In general, there are two major types of work hour restrictions which we will address. The first sets forth the maximum number of hours that an individual may work during a given period. The second set sets forth the minimum number of hours that an individual must rest. For information, there are additional work hour restrictions regarding night work, on call hours, weekend work, etc.
These work hours restrictions apply to all employees (‘salari√©s’s), regardless of the type of employment contract under which the employee is hired, whether indefinite term, definite term or temporary contracts. However, there are separate laws that apply to (1) top level managers (‘cadres dirigeants’s); (2) certain categories of employees; and (3) certain sectors of activity.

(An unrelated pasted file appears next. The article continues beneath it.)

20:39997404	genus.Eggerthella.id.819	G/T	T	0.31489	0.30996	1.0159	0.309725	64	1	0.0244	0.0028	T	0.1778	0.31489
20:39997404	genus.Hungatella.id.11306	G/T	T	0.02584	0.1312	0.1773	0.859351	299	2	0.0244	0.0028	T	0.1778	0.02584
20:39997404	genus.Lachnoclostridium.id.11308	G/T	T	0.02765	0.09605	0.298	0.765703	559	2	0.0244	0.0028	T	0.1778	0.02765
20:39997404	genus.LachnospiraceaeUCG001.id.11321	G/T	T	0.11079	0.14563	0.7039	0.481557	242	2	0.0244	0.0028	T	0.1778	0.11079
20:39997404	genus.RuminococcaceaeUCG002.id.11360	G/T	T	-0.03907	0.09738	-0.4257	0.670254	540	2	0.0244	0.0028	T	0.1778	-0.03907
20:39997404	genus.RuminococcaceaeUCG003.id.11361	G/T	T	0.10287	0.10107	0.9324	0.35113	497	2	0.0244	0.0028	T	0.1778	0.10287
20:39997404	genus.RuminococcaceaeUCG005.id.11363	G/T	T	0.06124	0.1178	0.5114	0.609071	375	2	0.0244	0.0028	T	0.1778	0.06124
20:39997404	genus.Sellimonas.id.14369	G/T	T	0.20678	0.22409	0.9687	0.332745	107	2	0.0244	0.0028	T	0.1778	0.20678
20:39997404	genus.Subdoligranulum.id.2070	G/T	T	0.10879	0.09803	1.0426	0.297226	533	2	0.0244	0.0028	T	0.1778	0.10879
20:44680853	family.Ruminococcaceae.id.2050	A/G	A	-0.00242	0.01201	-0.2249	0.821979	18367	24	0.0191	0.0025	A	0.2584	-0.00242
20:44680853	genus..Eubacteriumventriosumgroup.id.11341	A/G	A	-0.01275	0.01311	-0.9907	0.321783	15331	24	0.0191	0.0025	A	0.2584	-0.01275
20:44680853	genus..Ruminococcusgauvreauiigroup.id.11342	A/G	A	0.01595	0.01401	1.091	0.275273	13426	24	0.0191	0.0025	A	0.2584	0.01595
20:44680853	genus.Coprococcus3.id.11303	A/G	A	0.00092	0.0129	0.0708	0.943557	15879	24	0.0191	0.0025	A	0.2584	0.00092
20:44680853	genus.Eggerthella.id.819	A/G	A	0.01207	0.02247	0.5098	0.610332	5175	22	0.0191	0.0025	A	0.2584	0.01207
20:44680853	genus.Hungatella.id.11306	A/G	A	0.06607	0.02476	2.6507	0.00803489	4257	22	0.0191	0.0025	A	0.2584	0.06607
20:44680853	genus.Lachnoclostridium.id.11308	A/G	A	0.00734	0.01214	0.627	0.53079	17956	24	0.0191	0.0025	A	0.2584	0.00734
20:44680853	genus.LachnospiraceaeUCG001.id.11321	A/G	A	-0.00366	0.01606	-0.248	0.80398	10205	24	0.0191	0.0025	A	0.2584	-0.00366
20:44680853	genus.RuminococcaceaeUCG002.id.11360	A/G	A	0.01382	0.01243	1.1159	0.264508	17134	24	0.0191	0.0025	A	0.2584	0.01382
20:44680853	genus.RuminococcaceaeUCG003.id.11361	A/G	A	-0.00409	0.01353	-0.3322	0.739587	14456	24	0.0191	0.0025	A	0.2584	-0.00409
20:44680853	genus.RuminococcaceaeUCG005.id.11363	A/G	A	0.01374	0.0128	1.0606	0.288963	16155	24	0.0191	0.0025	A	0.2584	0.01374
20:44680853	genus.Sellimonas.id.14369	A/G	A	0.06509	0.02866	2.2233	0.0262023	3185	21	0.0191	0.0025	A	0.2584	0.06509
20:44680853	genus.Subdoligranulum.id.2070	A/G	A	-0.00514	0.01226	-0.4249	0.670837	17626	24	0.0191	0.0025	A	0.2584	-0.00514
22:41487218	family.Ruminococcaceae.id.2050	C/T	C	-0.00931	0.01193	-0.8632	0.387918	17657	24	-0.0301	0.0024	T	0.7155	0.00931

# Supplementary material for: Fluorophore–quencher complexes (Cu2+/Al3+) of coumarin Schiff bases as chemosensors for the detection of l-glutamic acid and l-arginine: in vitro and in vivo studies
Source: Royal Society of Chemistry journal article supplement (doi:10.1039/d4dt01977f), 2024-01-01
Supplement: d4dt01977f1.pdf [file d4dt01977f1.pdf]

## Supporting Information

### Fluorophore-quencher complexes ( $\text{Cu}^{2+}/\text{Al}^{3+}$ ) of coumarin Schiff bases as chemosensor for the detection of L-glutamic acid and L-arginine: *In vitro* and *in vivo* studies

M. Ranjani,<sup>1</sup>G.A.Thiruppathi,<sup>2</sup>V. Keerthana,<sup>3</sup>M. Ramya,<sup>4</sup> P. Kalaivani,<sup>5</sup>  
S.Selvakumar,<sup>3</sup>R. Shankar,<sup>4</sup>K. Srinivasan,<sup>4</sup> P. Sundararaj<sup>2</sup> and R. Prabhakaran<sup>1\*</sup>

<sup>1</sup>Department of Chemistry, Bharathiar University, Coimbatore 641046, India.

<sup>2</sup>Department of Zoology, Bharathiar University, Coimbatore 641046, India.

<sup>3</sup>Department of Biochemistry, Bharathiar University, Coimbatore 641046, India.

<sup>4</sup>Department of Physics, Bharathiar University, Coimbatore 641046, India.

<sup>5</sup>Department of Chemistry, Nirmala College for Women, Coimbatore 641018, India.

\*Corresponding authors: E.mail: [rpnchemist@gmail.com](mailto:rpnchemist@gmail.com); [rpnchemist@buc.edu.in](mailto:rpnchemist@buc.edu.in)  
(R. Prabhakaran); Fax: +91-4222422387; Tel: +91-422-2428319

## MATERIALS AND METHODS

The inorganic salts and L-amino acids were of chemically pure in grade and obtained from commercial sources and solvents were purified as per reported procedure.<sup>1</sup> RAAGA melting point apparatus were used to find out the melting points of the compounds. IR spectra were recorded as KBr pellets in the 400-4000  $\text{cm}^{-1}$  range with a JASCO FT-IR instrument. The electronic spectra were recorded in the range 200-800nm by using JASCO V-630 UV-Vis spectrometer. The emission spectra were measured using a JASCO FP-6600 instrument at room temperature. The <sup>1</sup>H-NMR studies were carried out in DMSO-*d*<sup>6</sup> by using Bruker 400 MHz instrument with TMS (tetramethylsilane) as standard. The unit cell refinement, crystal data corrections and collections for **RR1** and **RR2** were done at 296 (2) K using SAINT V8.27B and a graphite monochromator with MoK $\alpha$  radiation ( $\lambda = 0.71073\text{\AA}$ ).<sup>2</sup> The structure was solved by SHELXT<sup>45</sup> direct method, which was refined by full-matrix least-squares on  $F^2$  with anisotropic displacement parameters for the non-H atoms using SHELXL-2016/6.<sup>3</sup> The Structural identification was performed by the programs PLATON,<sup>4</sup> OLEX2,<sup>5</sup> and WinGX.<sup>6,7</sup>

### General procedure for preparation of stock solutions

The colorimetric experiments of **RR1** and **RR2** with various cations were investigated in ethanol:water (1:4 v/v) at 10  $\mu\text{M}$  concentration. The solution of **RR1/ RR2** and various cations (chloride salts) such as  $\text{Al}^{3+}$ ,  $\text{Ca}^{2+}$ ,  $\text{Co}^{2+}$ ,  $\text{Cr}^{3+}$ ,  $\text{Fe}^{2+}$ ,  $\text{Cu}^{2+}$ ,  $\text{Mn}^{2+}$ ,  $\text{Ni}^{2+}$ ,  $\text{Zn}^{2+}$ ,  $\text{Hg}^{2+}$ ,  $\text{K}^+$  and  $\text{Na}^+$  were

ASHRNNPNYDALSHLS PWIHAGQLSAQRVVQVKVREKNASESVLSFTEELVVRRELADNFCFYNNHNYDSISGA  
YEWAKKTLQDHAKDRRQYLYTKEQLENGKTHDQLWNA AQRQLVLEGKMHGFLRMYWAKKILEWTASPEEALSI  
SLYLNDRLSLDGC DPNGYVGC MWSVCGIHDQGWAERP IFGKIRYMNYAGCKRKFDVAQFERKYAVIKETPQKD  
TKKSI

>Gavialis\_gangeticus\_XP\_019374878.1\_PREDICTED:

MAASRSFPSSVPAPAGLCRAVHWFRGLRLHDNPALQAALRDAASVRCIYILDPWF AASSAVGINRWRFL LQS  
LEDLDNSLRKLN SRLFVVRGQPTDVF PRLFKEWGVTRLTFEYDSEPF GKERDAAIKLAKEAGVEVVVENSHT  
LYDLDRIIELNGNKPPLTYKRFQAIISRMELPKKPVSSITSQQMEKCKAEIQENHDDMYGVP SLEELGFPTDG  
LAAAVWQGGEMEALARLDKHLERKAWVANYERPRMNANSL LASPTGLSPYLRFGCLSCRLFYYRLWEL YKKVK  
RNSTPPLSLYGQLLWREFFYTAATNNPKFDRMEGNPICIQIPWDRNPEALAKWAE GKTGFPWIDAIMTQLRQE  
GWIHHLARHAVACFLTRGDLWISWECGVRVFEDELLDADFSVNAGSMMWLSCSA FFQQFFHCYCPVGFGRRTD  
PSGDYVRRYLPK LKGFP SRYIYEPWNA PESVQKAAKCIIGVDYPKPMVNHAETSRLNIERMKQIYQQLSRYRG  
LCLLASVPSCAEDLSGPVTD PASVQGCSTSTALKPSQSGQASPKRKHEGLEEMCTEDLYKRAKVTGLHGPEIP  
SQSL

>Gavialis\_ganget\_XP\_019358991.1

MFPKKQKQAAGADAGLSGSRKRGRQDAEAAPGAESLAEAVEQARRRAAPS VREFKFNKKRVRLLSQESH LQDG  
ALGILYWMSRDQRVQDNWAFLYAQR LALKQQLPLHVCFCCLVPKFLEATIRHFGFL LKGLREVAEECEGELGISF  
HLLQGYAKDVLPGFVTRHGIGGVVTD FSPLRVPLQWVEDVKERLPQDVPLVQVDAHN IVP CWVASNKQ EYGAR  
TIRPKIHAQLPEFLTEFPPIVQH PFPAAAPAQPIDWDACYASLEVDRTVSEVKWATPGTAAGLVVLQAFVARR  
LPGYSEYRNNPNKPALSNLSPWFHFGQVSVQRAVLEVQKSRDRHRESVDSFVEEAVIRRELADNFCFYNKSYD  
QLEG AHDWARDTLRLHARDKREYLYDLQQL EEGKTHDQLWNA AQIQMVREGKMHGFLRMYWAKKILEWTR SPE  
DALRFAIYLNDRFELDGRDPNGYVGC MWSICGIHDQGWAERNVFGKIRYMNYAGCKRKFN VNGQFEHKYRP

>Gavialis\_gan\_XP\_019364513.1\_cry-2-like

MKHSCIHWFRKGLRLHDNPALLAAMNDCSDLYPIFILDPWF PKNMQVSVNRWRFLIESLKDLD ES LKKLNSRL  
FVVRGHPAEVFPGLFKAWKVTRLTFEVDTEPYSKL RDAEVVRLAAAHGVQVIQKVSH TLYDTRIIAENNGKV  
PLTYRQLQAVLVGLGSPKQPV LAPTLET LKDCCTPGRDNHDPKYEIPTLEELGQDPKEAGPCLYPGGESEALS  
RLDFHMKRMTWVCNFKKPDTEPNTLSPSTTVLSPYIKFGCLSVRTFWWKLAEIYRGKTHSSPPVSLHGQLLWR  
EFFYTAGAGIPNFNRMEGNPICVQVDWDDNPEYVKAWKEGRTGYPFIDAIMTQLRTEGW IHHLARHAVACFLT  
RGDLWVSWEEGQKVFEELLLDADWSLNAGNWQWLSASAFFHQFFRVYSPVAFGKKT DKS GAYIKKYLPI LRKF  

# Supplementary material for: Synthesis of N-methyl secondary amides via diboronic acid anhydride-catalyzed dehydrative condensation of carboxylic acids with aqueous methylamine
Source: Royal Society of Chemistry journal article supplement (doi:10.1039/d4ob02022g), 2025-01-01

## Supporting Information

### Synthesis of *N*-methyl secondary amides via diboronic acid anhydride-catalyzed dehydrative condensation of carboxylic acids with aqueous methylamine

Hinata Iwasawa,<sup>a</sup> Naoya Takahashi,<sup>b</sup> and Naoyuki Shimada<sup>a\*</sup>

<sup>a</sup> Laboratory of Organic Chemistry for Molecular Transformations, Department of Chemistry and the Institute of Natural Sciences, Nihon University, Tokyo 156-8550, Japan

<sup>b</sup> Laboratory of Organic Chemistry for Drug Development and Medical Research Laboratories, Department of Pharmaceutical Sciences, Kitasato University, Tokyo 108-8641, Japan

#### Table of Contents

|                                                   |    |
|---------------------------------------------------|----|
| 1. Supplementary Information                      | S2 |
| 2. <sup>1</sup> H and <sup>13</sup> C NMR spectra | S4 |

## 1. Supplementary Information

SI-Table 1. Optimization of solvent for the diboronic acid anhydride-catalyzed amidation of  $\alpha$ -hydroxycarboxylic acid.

As the most broadly applicable work hour restrictions pertain to employees and top level management, we will limit our comments to these restrictions. We do, however, list below the special categories of employees and industries governed by special working hours restrictions.
Due to the nature of their duties or the specific conditions of their performance, the following categories of employees are governed by specific rules:
2. nursery school assistants;
3. domestic workers;
4. residential building superintendents; and
5. employees working from home.
The sectors governed by special working hour restrictions are the:
1. agricultural sector;
2. merchant marine and fishing sector;
3. mining sector; and
4. public transportation sector.